Here are some of the latest health and medical news developments, compiled by the editors of HealthDay:
Embryo Frozen for 25 Years Results in Successful Birth
A healthy baby girl born last month in Tennessee was a frozen embryo for 25 years, making her the longest known frozen human embryo to result in a successful birth.
The previous known record was 20 years, CNN reported.
Emma Wren Gibson was born November 25 to parents Tina and Benjamin Gibson. As an embryo, she was was frozen on Oct. 14, 1992 and thawed March 13 at the National Embryo Donation Center. She was conceived the year after her mother, Tina, was born.
"Do you realize I'm only 25? This embryo and I could have been best friends," Tina said when told the age of the embryo when she received it, CNN reported.
Emma was 6 pounds 8 ounces at birth and 20 inches long.
"I just wanted a baby. I don't care if it's a world record or not," Tina, now 26, told CNN.
Benjamin is infertile due to cystic fibrosis.
Emma and four sibling embryos came from the same egg donor and were created for in vitro fertilization by another, anonymous couple. These "snowbabies" remained in frozen suspension until they could be use by people unable or unwilling to conceive a child naturally.
Emma's birth is "pretty exciting considering how long the embryos had been frozen," Carol Sommerfelt, embryology lab director at the National Embryo Donation Center, told CNN.
While she's the longest known frozen embryo to result in a successful birth, it can't be confirmed whether Emma represents a new record.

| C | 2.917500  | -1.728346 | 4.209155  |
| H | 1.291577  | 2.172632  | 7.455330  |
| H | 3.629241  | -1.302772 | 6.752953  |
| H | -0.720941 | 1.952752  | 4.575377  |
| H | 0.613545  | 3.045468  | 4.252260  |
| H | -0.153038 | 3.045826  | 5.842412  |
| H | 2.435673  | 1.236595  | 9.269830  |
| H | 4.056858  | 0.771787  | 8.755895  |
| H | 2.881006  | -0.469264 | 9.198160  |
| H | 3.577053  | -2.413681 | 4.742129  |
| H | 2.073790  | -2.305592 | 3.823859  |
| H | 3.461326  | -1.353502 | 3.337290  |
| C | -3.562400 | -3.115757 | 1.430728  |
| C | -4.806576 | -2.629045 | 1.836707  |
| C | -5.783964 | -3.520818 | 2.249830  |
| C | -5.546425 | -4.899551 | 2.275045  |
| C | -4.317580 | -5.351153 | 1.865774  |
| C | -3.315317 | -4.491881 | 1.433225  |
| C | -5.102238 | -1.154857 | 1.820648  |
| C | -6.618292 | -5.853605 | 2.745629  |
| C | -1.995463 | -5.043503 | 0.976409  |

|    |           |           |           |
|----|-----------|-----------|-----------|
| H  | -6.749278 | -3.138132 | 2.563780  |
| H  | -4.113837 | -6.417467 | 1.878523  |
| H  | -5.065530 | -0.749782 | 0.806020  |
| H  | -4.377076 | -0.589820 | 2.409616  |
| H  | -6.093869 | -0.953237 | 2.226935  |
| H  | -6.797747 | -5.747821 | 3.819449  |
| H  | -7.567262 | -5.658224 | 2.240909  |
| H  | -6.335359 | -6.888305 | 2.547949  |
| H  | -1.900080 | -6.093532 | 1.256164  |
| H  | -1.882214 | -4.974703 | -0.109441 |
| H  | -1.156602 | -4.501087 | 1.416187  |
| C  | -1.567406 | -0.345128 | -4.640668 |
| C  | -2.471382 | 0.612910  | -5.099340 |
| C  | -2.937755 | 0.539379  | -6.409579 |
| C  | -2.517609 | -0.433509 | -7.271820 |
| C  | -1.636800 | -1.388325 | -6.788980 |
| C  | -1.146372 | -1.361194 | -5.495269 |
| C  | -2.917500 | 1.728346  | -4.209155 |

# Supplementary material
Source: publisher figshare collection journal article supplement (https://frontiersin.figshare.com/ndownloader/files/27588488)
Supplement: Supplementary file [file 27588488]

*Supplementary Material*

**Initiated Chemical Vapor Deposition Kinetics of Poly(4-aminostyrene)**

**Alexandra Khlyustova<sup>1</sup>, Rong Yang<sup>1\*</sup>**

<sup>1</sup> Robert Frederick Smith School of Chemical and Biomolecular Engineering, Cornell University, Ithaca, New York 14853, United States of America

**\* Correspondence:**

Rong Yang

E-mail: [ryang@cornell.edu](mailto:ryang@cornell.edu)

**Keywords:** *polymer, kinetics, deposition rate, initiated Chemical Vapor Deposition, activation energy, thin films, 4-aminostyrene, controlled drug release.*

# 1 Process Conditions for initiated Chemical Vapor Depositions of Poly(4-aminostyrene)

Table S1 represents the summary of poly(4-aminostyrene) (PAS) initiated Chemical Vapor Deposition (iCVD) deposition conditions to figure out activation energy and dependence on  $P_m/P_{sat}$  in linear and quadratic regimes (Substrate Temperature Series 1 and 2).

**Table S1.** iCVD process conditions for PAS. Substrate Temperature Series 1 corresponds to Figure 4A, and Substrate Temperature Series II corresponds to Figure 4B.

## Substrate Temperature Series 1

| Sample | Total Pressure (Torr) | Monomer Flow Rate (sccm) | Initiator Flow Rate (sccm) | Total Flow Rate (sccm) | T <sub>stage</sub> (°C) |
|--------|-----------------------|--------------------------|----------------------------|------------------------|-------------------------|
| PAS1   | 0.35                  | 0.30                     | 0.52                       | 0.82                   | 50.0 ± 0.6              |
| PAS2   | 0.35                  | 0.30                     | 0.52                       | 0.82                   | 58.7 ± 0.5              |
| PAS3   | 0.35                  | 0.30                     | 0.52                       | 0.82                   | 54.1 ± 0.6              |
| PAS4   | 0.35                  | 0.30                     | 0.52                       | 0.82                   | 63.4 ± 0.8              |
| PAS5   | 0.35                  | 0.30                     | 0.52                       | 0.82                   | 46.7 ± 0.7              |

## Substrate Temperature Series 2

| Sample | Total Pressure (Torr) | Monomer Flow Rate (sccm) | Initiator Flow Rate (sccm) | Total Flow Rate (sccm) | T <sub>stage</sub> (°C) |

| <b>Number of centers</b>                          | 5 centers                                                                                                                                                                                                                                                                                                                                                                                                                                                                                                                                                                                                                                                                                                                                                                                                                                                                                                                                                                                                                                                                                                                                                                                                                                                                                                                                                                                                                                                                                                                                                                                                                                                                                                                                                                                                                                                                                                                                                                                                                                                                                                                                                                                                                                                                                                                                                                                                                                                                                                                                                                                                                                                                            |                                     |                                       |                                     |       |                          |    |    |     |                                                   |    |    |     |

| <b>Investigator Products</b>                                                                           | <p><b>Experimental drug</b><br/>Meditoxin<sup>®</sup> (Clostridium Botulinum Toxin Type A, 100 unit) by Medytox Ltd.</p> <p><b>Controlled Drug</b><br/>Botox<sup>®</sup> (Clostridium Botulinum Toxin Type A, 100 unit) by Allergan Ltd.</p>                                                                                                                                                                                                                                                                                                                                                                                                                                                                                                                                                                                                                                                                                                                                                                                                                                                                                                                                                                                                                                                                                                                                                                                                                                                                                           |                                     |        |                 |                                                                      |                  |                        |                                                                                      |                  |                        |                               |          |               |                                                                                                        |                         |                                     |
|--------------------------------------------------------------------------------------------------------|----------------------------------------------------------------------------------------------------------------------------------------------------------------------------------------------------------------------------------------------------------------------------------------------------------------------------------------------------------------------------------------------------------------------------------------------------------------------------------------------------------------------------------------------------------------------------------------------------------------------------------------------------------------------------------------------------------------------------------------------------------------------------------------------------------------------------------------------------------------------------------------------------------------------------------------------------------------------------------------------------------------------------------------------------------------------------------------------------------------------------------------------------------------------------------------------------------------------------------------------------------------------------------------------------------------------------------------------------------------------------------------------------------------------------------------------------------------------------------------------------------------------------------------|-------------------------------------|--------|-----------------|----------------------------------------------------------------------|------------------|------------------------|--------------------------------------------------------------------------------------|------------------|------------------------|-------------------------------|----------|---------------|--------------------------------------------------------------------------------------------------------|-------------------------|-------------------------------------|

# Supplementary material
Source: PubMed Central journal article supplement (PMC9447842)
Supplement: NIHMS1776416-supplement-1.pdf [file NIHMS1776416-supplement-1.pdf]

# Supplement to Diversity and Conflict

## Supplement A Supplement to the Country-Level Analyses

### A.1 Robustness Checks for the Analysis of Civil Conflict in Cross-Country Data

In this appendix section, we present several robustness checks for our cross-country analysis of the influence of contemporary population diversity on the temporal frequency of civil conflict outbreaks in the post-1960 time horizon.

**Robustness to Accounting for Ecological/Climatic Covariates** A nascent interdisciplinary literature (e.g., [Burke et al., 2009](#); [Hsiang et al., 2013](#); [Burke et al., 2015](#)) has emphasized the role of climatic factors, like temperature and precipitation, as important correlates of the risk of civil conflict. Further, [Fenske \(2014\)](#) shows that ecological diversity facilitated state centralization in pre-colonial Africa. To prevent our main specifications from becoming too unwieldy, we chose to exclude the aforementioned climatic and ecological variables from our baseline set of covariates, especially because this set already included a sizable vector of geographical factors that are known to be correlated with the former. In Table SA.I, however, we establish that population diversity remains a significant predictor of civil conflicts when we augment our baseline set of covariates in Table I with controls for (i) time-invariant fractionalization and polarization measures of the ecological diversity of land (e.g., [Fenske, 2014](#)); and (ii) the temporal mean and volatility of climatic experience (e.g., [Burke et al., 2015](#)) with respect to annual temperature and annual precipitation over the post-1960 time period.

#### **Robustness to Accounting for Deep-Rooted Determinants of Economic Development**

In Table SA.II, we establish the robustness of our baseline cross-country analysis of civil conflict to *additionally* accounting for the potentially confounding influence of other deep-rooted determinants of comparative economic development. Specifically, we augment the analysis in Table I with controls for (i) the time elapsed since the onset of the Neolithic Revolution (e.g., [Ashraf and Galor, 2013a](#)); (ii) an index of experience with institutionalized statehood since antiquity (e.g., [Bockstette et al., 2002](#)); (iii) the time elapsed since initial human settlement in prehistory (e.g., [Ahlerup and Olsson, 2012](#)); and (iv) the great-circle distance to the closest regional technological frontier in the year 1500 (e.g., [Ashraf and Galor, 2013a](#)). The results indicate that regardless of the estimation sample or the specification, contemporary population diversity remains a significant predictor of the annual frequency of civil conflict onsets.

"Identifying the oldest known embryo is simply an impossibility," Dr. Zaher Merhi, director of IVF research and development at New Hope Fertility Center, told CNN. He was not involved in Emma's case.
U.S. companies do not have to report to the government the age of an embryo used, only the outcome of the pregnancy, so "nobody has these records," Merhi explained.
Other experts cited a case study of a 20-year-old frozen embryo that resulted in a successful birth, CNN reported.
Salmonella Infection Linked to Rattlesnake Pills: CDC
A case of salmonella infection has been linked to rattlesnake pills, the U.S. Centers for Disease Control and Prevention says.
The pills -- made from dehydrated, powdered rattlesnake meat -- are marketed for various conditions, including cancer and HIV infection.
In this case, a person in Kansas became ill with salmonella a week after taking rattlesnake pills. Tests showed that the salmonella that caused the person's illness was the same as that found in rattlesnake pills from Mexico that were collected in a previous, unrelated investigation, according to the CDC.
If you're considering taking rattlesnake pills, talk to your health care provider first, the agency advised.
This is especially important for people who are more likely to get severe salmonella infections, including pregnant women, children younger than 5 years, seniors, and people with weakened immune systems, including those who are receiving chemotherapy or have HIV.